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How to Make Hydrangeas Bloom

Hydrangeas brighten up the summer garden with their lacy blooms. If your hydrangea is not flowering, the United States National Arboretum points to three possible culprits. Too much shade and improper pruning can affect all hydrangeas, while weather-related damage to flower buds affects the bigleaf hydrangea, according to the USNA.

Plant your hydrangea in an area that receives some sun. Hydrangeas in general prefer light shade, but too much will keep the shrub from flowering. The panicle hydrangea is one species that grows best in full sun, according to the USNA. If your shrub is producing sparse blooms, consider moving it to a brighter location or trimming any trees overhead.

Prune your hydrangeas in the summer. Because they bloom on the previous year’s growth, pruning in fall, winter or spring would remove potential flower buds, the USNA says. Cut back some of the old and new weaker shoots from the plant's base, but do not to cut it back to the ground, according to Texas Cooperative Extension.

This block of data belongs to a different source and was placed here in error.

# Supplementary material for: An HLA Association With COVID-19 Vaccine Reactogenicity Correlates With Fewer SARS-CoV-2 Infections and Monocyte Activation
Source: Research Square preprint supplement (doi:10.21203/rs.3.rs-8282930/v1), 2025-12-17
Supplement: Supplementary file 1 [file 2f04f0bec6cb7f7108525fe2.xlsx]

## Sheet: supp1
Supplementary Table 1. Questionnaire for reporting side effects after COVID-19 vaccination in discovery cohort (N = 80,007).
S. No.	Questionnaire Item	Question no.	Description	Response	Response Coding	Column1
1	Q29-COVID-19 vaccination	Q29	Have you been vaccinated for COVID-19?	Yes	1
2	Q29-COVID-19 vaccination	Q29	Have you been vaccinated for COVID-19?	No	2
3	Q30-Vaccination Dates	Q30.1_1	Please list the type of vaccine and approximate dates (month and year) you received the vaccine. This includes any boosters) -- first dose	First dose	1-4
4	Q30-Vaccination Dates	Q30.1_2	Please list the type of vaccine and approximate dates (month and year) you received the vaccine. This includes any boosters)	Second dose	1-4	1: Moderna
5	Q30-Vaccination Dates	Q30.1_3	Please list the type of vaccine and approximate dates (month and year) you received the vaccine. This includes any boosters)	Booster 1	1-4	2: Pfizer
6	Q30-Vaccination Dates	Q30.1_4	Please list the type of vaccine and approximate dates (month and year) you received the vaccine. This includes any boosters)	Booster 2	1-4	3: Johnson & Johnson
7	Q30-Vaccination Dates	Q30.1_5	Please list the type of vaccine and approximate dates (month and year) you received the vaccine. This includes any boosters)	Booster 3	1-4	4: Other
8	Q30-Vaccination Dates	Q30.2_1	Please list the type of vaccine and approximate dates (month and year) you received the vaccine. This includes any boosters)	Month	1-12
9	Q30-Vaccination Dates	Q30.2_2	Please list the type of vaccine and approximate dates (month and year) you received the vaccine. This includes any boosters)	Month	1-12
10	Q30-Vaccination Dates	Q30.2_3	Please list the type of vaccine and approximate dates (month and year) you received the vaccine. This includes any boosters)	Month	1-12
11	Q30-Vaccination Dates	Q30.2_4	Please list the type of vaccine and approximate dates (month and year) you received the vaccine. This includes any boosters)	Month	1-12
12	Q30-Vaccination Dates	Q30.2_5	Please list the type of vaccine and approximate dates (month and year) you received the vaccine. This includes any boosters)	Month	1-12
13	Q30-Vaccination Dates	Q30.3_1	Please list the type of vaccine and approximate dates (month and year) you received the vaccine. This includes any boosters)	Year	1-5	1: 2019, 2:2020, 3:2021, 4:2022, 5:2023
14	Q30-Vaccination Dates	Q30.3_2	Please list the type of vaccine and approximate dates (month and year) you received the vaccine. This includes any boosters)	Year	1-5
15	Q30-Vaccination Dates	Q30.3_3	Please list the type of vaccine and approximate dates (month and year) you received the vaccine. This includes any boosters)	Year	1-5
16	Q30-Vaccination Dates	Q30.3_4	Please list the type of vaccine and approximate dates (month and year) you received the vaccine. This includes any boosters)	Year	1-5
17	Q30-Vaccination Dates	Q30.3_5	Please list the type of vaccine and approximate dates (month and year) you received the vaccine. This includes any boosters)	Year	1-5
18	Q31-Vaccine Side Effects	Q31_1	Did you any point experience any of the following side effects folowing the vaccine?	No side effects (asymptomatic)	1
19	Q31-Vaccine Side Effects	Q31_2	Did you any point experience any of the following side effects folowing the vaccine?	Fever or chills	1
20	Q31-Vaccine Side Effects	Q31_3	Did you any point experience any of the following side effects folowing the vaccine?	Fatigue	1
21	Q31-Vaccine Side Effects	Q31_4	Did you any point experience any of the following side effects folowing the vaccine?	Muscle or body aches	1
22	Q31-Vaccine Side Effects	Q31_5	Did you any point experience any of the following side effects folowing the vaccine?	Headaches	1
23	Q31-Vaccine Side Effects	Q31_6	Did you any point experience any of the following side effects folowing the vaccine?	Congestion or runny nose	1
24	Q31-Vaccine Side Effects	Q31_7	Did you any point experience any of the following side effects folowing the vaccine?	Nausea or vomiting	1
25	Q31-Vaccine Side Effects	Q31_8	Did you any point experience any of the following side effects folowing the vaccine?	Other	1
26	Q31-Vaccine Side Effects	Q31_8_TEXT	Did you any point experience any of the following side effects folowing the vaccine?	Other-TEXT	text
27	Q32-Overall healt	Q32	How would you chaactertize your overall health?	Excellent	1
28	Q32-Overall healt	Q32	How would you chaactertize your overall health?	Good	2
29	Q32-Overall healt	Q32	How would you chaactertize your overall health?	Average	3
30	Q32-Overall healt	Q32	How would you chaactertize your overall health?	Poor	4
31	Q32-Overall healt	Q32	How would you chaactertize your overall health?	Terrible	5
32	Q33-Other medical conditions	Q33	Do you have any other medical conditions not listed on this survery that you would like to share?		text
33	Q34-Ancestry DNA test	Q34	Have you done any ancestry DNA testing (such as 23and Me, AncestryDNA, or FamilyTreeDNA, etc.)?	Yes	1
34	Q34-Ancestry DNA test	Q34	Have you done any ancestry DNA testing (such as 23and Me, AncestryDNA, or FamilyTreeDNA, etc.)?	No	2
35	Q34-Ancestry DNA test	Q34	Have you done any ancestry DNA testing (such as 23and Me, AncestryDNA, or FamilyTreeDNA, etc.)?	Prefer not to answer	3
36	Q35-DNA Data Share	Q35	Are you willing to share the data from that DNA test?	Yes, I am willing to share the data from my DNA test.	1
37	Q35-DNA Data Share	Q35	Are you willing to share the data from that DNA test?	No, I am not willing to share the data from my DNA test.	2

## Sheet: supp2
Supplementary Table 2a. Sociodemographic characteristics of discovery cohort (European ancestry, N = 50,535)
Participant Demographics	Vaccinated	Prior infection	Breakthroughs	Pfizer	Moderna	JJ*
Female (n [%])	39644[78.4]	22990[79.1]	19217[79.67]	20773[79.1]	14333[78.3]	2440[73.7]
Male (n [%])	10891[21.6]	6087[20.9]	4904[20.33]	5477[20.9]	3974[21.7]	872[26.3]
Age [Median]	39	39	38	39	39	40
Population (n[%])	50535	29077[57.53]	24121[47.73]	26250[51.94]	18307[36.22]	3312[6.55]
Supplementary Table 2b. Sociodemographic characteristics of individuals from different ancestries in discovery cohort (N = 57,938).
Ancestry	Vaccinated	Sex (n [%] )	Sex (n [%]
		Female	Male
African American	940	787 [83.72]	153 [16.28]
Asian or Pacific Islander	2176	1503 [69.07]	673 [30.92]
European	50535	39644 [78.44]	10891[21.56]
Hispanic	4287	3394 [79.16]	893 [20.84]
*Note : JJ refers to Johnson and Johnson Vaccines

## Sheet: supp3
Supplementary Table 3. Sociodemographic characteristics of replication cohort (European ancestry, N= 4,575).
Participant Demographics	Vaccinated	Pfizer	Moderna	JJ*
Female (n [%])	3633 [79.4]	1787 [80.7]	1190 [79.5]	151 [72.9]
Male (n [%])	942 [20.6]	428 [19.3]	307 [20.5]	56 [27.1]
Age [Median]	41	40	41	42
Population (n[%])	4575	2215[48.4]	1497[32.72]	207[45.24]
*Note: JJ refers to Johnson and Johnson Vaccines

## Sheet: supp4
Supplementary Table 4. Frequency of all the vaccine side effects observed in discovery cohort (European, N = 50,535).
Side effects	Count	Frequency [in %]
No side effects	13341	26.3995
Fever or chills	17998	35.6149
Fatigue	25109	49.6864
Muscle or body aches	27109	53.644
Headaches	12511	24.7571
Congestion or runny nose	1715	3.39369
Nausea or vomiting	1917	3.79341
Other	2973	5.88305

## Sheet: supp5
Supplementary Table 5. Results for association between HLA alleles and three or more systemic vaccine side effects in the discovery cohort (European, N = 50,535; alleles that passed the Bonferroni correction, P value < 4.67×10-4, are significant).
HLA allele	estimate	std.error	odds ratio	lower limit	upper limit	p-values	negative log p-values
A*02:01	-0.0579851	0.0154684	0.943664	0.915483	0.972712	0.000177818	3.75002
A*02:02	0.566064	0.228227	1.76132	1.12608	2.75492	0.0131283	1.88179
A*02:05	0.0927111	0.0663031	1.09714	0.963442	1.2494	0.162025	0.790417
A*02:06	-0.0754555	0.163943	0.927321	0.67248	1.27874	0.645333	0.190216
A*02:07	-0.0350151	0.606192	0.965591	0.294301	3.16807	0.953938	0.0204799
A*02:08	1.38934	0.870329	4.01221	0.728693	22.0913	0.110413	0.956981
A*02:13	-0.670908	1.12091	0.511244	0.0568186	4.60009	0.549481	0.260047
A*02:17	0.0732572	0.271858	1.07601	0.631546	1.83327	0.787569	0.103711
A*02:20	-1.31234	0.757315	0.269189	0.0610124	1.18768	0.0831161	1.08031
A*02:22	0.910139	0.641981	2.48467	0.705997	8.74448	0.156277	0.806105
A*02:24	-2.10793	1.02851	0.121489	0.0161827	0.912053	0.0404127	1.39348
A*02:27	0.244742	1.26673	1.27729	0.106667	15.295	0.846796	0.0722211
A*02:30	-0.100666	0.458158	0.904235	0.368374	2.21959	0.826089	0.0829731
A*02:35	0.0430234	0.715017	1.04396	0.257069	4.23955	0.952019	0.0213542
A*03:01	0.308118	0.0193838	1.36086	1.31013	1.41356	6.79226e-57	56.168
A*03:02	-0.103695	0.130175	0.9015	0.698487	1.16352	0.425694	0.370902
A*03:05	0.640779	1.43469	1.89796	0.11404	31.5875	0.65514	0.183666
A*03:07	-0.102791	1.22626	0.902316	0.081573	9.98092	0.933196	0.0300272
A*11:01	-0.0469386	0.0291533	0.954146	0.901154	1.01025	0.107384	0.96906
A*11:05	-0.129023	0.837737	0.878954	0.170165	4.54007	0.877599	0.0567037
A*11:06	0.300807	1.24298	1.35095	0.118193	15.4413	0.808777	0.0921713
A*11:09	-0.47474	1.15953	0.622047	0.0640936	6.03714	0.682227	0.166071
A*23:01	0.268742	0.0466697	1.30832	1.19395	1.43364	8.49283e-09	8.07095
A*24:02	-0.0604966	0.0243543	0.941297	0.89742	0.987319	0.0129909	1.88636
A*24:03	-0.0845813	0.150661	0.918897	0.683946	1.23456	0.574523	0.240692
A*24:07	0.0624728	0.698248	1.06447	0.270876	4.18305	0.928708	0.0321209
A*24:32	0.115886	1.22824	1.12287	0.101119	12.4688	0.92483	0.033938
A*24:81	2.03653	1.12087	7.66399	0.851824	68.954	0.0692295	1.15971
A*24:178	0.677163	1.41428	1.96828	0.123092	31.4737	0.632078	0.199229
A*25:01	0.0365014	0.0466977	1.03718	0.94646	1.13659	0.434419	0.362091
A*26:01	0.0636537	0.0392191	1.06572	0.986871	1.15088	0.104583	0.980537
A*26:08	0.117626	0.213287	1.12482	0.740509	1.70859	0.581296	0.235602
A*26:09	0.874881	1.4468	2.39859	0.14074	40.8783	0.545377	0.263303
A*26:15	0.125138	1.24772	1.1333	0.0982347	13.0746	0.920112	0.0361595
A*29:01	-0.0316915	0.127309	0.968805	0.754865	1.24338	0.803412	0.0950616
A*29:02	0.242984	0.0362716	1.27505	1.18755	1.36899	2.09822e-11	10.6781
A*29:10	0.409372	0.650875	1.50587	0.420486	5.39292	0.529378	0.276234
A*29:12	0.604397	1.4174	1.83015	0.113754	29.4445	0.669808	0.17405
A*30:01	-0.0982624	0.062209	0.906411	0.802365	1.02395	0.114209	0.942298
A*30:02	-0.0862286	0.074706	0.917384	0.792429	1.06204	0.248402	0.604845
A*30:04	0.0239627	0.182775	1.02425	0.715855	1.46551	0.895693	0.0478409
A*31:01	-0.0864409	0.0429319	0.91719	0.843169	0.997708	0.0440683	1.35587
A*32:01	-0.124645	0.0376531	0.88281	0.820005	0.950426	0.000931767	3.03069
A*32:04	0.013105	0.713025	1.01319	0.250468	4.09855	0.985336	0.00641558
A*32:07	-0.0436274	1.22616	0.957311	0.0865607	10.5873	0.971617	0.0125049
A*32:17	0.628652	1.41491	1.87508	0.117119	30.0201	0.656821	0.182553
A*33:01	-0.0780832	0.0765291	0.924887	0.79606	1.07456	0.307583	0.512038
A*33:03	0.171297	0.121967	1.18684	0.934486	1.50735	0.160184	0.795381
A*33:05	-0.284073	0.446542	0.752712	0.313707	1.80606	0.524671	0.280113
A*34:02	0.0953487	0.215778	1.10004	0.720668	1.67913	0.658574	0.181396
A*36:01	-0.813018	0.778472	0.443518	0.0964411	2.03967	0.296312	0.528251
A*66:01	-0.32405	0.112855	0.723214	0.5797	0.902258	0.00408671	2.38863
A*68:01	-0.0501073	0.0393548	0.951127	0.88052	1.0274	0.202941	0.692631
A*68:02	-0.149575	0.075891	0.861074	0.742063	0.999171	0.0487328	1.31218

Protect your bigleaf hydrangea from unfavorable weather as best you can. An early fall freeze or late spring freeze can reduce flowering, the USNA says. Spread a light sheet over the top of your plant to shield it from unexpected frost.

Hydrangeas Bloom After Being Cut?

Of the dozens of members of the hydrangea family, only five grace gardens in the United States. serrata) offers slightly smaller flowers. Each of these terms has a special significance to the gardener. " This distinction is critical in timing your pruning, since cutting off all old wood from a hydrangea that blooms on old wood results in flowerless shrubs the following season. Your hydrangeas are probably the type that produce flowers on old wood, since the popular Hydrangea macrophyllas (mophead, bigleaf and lacecap) are included in that group, along with native shrub oakleaf. A late summer pruning allows the plants time to develop buds for the following summer's blooms. They are best pruned in fall or winter.


Mophead and lacecap hydrangea grow best in USDA hardiness zone 8, although they can survive to zone 5b with protection, according to Oakleaf cultivars can survive to zone 4b/5a, and all paniculatas plus the Hydrangea aborescens "Annabelle" are tough enough to grow to zone 3a, the website says.

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